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I’ve noticed three major categories of parents involved in this disproportionately exploding trend:

People who enforce rigid, outdated sex roles. Many have point-blank said they’d rather their child become the opposite sex than be potentially gay, and wouldn’t let them do anything associated with the other sex. These are the type of people who refuse to let a boy wear pink or let a girl have short hair, who think dolls, long hair, tea parties, pierced ears=girl, sports, short hair, toy cars, rough housing=boy. This really is 21st century “conversion therapy.”

SJWs who think they’re being such awesome, liberal, accepting activists, and don’t even question the media narrative. (I’m extremely liberal myself, so it takes quite a lot for me to say anyone else is taking it to an extreme!)

Munchausen by proxy, which sometimes overlaps with the SJWs. You can see a lot of this in many of the parents who go on the media circuit, like the parents of “Jazz Jennings” (real name Jaron Bloshinsky). They’re getting all this attention for parading their child to the world, and giving the child off-label puberty blockers and cross-sex hormones.

pink and blue

Since “Jazz” has become such a celebrity, let’s look at his story more closely. It’s like he and his family are going from a checklist of stereotypical “girl” things, like slumber parties, long hair, pink, Barbies, stuffed animals, cheerleading, giggling about boys with 20 best friends, makeup, short shorts, and shopping. His parents couldn’t let their son be a feminine boy, so they made him into a girl. If they’d just let him be himself, he either would’ve grown out of his gender-nonconformity or come out as gay.

Behind the scenes, his mother has admitted “Jazz” is being groomed and fed false memories. Most tellingly, “She only knows transition is best because that’s what adults have told her.”

“Jazz” likes to say he has a “girl brain” in a boy body, though current scientific research shows there’s not much difference between men’s and women’s brains. “Jazz” really means he was led to believe only girls like pink, sparkles, mermaids, and long hair. I wonder what he’d think of me, someone who can only tolerate dark pinks, never had a Barbie, rarely ever wears makeup, hates going to the mall, and never got into the media hype my agemates did regarding boygroups like NKOTB and N’Sync.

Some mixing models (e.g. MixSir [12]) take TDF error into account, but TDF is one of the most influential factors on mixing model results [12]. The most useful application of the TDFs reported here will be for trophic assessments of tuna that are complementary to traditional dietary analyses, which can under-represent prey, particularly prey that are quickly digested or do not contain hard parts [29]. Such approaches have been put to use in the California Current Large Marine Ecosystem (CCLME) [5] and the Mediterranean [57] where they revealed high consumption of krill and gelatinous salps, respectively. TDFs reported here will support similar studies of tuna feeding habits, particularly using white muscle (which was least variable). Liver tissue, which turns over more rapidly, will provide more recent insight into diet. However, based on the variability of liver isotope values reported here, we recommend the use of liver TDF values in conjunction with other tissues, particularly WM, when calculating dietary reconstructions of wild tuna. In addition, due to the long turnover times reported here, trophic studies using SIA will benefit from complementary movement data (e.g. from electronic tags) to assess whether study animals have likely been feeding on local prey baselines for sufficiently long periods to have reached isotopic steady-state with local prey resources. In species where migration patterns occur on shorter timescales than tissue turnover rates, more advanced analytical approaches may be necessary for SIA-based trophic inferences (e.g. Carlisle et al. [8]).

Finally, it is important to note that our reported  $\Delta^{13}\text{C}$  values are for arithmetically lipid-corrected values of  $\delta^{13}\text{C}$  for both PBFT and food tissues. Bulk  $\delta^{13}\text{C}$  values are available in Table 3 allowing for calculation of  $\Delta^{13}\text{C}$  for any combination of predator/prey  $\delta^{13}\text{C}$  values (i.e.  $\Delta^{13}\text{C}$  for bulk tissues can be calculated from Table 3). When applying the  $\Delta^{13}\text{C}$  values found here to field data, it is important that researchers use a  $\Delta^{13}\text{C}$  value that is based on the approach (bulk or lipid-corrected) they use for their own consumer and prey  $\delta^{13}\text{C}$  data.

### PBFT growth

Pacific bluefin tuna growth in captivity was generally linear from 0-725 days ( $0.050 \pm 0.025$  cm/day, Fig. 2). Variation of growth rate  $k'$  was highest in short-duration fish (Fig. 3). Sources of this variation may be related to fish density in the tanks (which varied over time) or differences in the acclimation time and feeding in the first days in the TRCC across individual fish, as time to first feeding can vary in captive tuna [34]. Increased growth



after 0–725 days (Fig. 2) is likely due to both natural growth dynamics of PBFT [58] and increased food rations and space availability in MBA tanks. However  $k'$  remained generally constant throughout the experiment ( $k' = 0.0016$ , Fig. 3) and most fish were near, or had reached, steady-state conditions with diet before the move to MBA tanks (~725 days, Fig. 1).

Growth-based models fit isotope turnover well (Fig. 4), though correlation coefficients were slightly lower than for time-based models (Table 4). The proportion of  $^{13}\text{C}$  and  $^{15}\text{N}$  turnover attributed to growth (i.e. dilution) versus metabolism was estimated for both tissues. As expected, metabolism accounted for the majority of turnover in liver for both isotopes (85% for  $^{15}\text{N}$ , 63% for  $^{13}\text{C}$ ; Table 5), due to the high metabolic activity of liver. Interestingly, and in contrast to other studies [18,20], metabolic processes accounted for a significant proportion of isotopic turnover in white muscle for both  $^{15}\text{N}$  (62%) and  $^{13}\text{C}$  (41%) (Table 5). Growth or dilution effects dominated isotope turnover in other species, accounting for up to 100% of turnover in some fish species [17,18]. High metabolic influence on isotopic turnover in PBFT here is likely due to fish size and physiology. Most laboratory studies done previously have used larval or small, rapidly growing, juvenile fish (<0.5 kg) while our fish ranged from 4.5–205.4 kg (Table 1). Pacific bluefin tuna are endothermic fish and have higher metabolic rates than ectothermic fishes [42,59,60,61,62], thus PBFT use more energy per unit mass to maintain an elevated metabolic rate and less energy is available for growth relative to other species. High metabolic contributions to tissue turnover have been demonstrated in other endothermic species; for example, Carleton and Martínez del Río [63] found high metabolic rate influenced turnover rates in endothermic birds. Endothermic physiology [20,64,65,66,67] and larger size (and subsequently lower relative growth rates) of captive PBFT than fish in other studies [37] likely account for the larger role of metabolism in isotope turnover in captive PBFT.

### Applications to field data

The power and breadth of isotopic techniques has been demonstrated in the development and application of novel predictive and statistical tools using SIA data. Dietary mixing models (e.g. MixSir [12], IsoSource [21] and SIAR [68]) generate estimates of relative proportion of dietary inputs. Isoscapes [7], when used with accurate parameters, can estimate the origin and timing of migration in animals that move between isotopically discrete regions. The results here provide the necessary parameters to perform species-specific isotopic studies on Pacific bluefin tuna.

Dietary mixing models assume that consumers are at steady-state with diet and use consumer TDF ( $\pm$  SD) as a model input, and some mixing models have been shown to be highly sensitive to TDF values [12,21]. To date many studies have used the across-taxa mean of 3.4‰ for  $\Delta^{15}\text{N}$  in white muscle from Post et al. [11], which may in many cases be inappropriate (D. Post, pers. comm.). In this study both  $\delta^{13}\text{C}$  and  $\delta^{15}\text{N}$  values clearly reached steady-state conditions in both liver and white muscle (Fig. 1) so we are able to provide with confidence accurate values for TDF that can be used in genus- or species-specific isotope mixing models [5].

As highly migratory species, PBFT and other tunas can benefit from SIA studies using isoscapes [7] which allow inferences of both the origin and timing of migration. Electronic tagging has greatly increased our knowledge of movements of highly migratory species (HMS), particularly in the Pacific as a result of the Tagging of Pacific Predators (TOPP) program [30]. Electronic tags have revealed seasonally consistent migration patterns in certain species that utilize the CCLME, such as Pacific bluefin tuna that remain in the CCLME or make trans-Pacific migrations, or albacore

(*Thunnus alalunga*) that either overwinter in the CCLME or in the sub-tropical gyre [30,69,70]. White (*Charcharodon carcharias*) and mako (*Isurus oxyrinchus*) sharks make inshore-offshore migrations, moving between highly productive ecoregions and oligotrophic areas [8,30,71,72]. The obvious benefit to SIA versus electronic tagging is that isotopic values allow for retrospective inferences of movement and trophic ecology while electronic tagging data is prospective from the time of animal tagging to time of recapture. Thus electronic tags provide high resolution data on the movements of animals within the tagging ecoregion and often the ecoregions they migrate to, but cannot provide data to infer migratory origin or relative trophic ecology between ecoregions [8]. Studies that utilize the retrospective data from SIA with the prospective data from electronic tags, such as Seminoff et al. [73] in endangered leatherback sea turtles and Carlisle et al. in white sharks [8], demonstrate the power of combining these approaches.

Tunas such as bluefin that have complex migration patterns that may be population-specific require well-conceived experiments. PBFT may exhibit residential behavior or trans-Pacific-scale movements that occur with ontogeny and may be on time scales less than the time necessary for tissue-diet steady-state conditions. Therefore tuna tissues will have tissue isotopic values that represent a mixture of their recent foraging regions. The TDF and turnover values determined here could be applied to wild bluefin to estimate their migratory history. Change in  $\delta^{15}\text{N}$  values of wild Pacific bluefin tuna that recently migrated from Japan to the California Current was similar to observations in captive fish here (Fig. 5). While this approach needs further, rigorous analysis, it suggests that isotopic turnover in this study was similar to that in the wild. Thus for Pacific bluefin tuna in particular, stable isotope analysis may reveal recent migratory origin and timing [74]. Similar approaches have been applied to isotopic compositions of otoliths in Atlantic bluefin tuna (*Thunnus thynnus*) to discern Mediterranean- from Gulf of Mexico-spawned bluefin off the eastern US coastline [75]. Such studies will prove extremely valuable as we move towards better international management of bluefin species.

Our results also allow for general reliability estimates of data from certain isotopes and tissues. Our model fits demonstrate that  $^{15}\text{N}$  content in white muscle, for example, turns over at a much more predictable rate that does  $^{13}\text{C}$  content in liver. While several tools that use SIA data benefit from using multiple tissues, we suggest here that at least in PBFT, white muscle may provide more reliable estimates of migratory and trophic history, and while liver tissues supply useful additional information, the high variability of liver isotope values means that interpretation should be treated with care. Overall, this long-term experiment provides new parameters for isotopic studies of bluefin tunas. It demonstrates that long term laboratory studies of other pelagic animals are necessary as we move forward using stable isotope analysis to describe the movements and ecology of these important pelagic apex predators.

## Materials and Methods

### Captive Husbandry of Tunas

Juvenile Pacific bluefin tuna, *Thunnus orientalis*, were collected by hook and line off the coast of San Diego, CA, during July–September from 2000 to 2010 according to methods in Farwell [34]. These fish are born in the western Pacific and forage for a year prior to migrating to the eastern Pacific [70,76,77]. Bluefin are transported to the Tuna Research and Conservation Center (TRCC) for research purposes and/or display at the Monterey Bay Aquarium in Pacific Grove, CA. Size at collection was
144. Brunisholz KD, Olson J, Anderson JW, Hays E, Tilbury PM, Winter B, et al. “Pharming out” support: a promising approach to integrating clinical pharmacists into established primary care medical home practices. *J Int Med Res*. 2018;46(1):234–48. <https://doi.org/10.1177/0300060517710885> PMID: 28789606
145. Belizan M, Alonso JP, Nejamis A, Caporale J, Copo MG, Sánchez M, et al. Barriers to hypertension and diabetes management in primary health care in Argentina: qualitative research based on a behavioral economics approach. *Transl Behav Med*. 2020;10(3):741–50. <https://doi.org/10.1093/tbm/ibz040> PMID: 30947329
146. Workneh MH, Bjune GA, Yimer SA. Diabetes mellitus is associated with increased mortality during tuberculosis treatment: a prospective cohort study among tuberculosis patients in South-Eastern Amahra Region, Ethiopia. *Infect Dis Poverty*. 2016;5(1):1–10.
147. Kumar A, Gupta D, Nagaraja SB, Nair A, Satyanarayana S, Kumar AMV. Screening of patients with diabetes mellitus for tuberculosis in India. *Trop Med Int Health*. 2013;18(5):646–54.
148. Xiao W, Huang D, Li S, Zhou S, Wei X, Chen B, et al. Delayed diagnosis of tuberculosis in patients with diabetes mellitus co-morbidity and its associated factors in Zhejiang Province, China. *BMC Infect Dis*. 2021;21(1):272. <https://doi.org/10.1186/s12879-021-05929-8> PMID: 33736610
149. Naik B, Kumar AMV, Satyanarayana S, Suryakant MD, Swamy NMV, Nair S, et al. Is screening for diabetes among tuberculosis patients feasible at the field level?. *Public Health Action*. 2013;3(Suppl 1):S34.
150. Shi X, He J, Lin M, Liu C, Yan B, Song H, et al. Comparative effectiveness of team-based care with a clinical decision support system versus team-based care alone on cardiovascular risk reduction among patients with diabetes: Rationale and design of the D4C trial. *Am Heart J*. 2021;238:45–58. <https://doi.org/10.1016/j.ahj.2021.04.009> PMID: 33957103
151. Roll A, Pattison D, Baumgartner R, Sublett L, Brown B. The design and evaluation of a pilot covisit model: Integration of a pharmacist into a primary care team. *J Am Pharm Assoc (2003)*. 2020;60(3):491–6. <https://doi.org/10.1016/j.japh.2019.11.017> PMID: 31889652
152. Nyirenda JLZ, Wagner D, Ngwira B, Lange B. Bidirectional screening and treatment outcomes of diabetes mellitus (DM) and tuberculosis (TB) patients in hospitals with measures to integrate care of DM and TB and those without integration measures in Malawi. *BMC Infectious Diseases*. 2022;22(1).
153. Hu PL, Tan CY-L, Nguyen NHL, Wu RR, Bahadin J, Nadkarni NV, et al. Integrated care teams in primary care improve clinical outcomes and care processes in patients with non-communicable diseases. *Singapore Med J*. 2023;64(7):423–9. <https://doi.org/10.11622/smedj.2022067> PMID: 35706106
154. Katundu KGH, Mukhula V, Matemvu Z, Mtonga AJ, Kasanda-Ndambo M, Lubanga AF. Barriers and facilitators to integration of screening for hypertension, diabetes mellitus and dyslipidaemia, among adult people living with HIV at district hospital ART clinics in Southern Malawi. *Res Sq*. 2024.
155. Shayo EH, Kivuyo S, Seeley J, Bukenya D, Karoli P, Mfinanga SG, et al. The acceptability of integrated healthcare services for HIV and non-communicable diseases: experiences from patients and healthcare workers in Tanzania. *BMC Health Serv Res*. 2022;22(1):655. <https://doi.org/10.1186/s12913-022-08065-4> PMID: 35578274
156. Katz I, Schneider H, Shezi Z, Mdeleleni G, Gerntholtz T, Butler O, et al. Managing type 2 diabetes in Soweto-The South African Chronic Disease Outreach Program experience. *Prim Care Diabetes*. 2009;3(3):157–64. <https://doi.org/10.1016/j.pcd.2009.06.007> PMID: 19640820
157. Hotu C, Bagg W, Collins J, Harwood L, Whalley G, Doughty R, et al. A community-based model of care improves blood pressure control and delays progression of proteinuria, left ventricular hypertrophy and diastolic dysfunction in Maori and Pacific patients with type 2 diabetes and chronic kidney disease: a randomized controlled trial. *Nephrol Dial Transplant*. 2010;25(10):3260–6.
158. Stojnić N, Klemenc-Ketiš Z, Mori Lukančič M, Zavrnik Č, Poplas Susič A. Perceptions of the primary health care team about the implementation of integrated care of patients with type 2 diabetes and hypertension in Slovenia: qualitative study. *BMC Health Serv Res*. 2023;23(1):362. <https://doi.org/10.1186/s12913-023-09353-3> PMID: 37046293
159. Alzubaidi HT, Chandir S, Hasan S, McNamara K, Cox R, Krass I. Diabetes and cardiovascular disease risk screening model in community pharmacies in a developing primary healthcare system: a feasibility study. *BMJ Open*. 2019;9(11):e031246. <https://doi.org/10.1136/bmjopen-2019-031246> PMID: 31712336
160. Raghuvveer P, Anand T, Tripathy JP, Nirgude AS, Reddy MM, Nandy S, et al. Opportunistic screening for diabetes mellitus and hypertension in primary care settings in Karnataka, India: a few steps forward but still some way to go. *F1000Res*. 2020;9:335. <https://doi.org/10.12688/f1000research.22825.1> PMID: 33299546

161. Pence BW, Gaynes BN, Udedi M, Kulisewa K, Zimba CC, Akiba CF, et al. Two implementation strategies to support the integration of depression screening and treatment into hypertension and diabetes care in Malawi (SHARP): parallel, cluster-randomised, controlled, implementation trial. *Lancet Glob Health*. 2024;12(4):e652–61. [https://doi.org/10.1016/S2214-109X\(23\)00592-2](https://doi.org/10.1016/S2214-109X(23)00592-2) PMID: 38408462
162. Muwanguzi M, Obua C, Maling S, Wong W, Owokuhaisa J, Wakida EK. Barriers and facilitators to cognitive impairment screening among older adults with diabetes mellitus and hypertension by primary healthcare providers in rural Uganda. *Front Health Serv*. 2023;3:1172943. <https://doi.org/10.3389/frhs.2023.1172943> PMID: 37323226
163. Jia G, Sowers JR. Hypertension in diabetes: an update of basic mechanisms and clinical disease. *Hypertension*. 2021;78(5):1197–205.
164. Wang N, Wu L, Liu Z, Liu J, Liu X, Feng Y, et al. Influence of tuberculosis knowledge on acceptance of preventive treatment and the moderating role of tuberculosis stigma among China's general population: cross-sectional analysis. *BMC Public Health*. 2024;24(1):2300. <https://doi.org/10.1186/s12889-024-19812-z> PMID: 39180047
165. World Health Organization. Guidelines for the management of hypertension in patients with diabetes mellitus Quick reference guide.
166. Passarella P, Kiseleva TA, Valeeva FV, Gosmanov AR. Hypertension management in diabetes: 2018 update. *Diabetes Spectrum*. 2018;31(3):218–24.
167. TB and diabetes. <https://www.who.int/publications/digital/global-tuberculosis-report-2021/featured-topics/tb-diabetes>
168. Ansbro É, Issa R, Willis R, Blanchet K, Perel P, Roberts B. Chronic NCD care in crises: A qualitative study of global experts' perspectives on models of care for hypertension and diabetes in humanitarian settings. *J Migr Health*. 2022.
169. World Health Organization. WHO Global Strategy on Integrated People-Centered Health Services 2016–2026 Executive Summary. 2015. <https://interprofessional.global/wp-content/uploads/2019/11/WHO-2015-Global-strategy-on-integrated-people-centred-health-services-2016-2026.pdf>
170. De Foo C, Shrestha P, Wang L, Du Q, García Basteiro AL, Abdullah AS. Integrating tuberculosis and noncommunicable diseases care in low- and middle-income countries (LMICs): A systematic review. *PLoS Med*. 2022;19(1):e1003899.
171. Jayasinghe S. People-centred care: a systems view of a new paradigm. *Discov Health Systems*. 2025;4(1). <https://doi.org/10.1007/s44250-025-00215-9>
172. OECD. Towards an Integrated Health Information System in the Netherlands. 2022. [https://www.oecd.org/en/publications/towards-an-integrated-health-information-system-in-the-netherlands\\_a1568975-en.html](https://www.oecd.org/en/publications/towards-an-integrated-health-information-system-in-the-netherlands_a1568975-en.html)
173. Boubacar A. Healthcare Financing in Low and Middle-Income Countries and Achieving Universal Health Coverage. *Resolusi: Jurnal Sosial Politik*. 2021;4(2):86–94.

Children don’t understand what kinds of longterm consequences they’ll face for having to take these drugs for the rest of their lives, least of all what it means they’ll be permanently sterilized and can never have biological children. “Jazz” has seriously said he wants to use his older sister as a broodmare, using rather flippant, vulgar language to describe artificial insemination, pregnancy, and birth.

Five-year-old Melanie/Tom in a fairly recent Guardian article talked about how “When I am older and start taking medicine to grow a willy.” That child cannot understand what phalloplasty actually entails, and how even the best artificially-constructed phallus will never work just like a real one.


It was only 6 months ago or so I discovered an MTF’s neovagina needs regular dilation (daily at first, then weekly, with sex counting as dilation). Otherwise, it’ll close up, since it’s a permanent wound. Only dilation keeps it open to the desired width and depth. How then could the average child know about this? I wouldn’t even compare this to always wearing jewelry in a piercing you want to keep, since all you have to do is get it repierced or tapered back open. You don’t need surgery and won’t risk infection (assuming everything’s normal) if your septum or navel is devoid of jewelry for too long.